Grönefeld One Hertz Techniek’s open-work dial showcases its intricate upper mechanics within
Back in 2010, the watchmaker brothers Bart and Tim Grönefeld of the luxury watch brand Grönefeld presented the award-winning timepiece, the One Hertz, which was the world’s first wristwatch with independent dead seconds and featured a completely new movement, the G-02 Calibre. And in the following years, the impressive One Hertz collection that has received appreciation from haute horlogerie connoisseurs, has grown to include a number of exclusive versions, including the One Hertz Dune in rose gold which was unveiled at the Baselworld 2011, One Hertz Platinum, One Hertz Fire and the One Hertz Ice. And now in 2013, Bart and Tim Grönefeld has come up with the exclusively-new limited edition One Hertz Techniek, which notably features a stunning, open-work dial that boasts the intricate upper mechanics of Grönefeld’s own proprietary movement with 285 components, the Calibre G-02.
The One Hertz Techniek’s dial is dominated by the large dead seconds chapter ring in sapphire, while the Grönefeld logo, bridges, and other indications has been crafted in stainless steel, which is further relief engraved, bevelled and finished completely with hand by master artisans.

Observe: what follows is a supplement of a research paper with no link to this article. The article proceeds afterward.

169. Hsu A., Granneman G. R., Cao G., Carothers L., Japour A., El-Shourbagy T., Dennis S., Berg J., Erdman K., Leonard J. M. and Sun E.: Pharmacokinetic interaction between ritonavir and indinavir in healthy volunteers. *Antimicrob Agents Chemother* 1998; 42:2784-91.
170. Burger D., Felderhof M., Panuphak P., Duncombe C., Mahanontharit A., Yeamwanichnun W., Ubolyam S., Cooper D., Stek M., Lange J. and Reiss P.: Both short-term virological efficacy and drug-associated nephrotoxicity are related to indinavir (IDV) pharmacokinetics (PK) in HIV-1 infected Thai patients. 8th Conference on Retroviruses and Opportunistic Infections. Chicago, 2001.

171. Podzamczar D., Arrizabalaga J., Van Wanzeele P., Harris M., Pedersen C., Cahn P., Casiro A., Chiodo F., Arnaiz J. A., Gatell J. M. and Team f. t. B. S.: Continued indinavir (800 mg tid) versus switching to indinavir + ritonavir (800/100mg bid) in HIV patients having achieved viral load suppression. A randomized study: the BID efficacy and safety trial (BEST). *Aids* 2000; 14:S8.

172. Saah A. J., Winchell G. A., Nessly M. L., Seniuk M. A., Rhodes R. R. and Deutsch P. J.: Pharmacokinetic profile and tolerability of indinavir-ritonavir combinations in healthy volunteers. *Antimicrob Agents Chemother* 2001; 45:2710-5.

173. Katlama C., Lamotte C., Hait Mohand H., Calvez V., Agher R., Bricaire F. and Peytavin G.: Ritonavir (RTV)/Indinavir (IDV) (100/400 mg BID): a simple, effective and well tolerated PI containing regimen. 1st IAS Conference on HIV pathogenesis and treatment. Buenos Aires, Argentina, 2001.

Further, the open dial is framed by a gleaming high-tech Grade 5 titanium case which is available in two versions, including the natural polished and brushed titanium or the black DLC coated one, only when this exclusive timekeeper becomes the “One Hertz Techniek Nocturne”.
Limited to just 30 pieces, both of the timepiece versions features the Grönefeld’s own ergonomic winding and setting mechanism, which is selected by simply pushing the crown in, rather than pulling it out.
With the One Hertz and its unique secondary gear train, the watchmakers Bart and Tim Grönefeld resurrected the much-neglected complication of dead seconds which was respected until 1980s, where the second hand advances in full steps of one second instead of the usual smooth sweeping action of mechanical seconds, and re-positioned it on the pedestal of high precision.